Oct 29, 2018
Then and now: A look at TD branch transit 0001
A view from the top: Completed in 1931, 220 Dundas Street in London, Ontario was once considered a skyscraper. The structure's art deco design and modern amenities were quite the attraction, drawing in almost 30,000 guests to the building's grand open house tour.
Have you ever wondered which branch has the transit number 0001?
Okay, let's back up a second. What's a transit number?
At the bottom of your cheques, there are three sets of numbers. There's your unique seven-digit account number. Just to the left of that is the institution number (for all TD customers, that number is 004).
And then there's the transit number, a four-digit number that indicates the home branch where that account was opened. Within TD, the transit number is the unique identifier for each branch.
Across TD, there are more than 1150 branches, so we need a lot of numbers. But it all starts somewhere - and there's one branch that has the first transit number: 0001.
So where is it?
You can find Branch 0001 on the corner of Dundas and Clarence Streets in London, Ontario, inside an almost 90 year-old-building near City Hall.
But how did Branch 0001 earn that distinction? How did it get the lowest possible transit number?
The branch originally served as the headquarters and main branch of Huron and Erie Mortgage Corporation—which later became Canada Trust (TD acquired Canada Trust in 2000).
Now and then: The construction of 220 Dundas is seen in this (right) image on December 26, 1930—just shortly before it's completion. Despite changes and growth to London's downtown, the location of Branch 0001 remains the same, marking the building as an important landmark in the city to this day. Left photo credit: Farhi Holdings Corporation | www.fhc.ca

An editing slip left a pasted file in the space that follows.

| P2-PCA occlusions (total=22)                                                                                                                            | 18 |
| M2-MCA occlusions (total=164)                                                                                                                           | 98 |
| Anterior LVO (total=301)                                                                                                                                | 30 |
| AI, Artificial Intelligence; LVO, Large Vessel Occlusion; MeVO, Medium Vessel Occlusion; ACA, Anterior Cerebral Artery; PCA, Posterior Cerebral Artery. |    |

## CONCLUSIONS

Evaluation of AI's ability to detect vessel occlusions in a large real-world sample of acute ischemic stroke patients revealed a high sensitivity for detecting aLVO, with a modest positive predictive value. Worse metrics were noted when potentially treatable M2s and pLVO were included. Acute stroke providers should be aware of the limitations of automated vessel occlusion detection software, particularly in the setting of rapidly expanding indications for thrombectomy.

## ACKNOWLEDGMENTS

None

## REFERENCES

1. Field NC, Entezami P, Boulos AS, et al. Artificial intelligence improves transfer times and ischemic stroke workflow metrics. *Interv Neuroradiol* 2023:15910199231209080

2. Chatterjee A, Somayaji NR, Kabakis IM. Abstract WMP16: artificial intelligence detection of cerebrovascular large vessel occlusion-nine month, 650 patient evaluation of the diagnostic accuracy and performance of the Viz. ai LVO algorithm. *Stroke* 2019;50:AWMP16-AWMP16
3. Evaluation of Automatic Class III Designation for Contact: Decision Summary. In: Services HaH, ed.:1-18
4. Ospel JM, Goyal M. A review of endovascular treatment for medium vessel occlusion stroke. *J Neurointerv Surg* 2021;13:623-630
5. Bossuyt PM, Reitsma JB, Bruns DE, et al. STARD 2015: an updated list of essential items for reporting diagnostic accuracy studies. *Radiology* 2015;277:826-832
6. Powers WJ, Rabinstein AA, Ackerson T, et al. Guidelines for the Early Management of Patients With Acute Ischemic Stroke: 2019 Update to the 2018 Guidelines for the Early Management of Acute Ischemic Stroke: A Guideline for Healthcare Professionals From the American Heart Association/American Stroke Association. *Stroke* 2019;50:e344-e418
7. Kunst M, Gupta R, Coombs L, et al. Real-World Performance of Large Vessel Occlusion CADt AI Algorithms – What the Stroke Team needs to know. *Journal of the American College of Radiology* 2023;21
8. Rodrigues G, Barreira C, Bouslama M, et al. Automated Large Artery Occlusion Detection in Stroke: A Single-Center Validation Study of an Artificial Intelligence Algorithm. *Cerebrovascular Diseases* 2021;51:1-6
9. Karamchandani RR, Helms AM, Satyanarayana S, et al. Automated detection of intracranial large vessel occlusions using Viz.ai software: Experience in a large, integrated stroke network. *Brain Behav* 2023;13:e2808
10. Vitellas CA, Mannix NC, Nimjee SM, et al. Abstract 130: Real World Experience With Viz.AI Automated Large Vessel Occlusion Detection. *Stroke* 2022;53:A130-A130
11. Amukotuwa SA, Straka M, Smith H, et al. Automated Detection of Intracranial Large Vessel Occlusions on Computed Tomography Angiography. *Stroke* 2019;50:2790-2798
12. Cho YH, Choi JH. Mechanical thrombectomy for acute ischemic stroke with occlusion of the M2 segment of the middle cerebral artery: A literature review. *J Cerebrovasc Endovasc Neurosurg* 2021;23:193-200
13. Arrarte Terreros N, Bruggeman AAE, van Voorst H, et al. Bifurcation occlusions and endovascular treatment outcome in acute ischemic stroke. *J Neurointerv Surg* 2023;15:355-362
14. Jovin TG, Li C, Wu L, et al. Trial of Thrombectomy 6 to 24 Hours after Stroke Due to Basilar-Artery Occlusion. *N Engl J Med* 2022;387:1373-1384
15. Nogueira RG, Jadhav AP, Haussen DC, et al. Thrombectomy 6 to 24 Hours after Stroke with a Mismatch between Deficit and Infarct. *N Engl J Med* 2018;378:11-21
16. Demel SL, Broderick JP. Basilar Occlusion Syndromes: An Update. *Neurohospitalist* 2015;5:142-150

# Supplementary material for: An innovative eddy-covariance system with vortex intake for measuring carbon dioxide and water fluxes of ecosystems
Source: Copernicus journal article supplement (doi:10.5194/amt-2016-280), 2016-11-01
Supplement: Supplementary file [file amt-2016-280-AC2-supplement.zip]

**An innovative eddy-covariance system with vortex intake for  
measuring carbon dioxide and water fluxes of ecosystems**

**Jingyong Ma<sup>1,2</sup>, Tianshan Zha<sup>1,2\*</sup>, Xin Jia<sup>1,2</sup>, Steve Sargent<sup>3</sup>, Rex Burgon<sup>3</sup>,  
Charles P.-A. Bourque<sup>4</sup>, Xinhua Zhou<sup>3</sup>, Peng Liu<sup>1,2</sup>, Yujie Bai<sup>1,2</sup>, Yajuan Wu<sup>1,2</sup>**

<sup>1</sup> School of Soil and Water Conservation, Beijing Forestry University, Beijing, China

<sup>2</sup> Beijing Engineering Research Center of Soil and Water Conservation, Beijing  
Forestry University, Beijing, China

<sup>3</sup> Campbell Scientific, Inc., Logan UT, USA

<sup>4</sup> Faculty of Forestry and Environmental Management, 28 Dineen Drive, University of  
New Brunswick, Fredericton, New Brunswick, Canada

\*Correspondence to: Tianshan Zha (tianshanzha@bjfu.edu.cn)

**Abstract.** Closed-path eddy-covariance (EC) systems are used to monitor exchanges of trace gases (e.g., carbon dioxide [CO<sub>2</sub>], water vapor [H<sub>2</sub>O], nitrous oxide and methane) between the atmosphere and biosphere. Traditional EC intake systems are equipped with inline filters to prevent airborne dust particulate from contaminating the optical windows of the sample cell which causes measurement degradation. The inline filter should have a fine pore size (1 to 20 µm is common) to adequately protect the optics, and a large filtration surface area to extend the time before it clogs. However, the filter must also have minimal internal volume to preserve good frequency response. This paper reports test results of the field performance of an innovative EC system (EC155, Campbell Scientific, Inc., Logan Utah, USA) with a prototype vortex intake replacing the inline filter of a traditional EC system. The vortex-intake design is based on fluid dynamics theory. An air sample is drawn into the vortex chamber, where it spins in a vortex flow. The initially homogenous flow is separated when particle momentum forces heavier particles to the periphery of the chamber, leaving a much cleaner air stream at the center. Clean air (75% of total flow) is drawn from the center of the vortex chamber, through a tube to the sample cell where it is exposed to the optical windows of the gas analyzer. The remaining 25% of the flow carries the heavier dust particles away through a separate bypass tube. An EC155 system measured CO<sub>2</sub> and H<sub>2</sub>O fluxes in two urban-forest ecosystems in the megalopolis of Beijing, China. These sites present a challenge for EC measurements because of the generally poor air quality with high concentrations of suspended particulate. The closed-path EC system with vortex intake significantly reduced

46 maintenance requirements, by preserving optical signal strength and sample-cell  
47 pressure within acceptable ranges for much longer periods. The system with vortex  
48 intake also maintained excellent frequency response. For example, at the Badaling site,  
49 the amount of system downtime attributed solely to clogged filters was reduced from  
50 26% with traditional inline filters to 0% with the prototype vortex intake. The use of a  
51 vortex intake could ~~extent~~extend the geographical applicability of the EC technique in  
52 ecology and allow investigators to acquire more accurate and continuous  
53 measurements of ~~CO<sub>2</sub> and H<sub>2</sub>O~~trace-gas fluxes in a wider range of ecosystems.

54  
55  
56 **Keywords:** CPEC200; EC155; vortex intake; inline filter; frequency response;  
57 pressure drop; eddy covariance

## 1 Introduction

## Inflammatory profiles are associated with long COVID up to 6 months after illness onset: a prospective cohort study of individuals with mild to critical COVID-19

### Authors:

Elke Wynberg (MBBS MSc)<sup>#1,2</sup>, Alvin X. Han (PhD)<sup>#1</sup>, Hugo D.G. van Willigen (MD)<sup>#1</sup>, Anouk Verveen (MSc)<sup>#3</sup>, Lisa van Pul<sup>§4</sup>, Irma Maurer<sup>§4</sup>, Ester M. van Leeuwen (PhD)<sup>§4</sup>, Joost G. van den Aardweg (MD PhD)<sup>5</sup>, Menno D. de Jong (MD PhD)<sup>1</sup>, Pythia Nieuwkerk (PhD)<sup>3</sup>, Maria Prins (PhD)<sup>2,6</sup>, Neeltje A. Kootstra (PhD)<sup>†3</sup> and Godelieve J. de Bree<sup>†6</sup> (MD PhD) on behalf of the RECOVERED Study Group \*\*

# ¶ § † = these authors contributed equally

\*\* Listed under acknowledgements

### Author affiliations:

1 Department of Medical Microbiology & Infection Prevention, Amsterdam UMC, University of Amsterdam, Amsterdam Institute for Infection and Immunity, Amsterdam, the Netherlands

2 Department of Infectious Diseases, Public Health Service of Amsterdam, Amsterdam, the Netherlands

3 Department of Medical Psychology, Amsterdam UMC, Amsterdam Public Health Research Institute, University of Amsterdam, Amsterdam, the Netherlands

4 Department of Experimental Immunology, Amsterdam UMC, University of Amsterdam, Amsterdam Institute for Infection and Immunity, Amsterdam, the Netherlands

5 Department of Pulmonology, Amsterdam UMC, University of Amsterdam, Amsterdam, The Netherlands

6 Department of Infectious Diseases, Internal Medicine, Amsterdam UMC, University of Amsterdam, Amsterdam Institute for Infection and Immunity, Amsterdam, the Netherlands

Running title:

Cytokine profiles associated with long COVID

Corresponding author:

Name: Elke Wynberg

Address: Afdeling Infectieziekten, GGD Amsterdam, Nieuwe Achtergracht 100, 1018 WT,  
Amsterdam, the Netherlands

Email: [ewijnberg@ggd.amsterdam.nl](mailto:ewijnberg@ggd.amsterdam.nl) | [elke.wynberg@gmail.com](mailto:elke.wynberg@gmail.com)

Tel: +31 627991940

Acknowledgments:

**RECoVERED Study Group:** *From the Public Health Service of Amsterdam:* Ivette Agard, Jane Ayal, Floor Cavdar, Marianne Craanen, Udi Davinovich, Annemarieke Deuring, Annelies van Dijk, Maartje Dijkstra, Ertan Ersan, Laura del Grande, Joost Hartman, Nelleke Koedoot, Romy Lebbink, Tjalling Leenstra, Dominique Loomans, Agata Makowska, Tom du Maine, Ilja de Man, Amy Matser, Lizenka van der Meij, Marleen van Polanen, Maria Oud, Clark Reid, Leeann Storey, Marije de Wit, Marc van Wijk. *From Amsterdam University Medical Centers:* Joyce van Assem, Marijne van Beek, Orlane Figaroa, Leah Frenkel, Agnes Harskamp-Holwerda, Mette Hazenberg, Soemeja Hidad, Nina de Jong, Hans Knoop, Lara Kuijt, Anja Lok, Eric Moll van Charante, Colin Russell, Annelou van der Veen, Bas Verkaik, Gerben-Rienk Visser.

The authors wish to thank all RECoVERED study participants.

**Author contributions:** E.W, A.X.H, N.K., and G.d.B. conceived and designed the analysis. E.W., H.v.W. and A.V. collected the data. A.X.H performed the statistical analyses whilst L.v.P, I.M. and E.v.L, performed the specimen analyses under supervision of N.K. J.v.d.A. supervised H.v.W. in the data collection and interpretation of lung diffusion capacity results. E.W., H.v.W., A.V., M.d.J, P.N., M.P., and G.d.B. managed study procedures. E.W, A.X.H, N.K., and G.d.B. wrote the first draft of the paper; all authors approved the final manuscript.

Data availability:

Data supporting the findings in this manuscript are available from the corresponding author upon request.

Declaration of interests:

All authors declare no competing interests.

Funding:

The nine-story structure that houses the branch was designed by architects Watt and Blackwell and was completed in 1931. The grand opening of 220 Dundas included a celebration dinner at the now demolished Hotel London, while an open house tour provided approximately 30,000 people a first-hand glimpse inside what was then considered the tallest building in the Western Ontario region.
Today, branch 0001 still exists in the same location; its four-digit transit number hinting at its significant historical mark in the community. Now known as TD Canada Trust, it has also cemented itself as the bank's oldest Canada Trust branch.
"So much history can be seen simply by looking at and walking through the building," said branch manager Kevin Bertoia, referring to the many original features that exist throughout the building to this day.
While art deco embellishments are still prominent, the branch's original elevator and vault are still in use — the latter containing several enclosed rooms and safety deposit boxes of various sizes that Bertoia described as "something reminiscent of what you would expect to see on a film set."
Beyond the intricate building designs and features, it's the presence of two bronze embossed plaques commemorating those who served in WWI and WWII that Bertoia, a serving member of the Canadian Armed Forces and a combat veteran himself, said serves as a visible reminder of the bank's deep roots in the community.
"It's a reflection that those who answer the call come from all walks of life including bankers," he said.
Today, TD remains an active partner in the community, supporting various events and organizations including London Sunfest, United Way London & Middlesex among others.
"TD has been a proud member of the London community for more than 100 years and it is our privilege to serve the community and our customers," said Shane Kennedy, Vice President Market Leader for Southwest Ontario.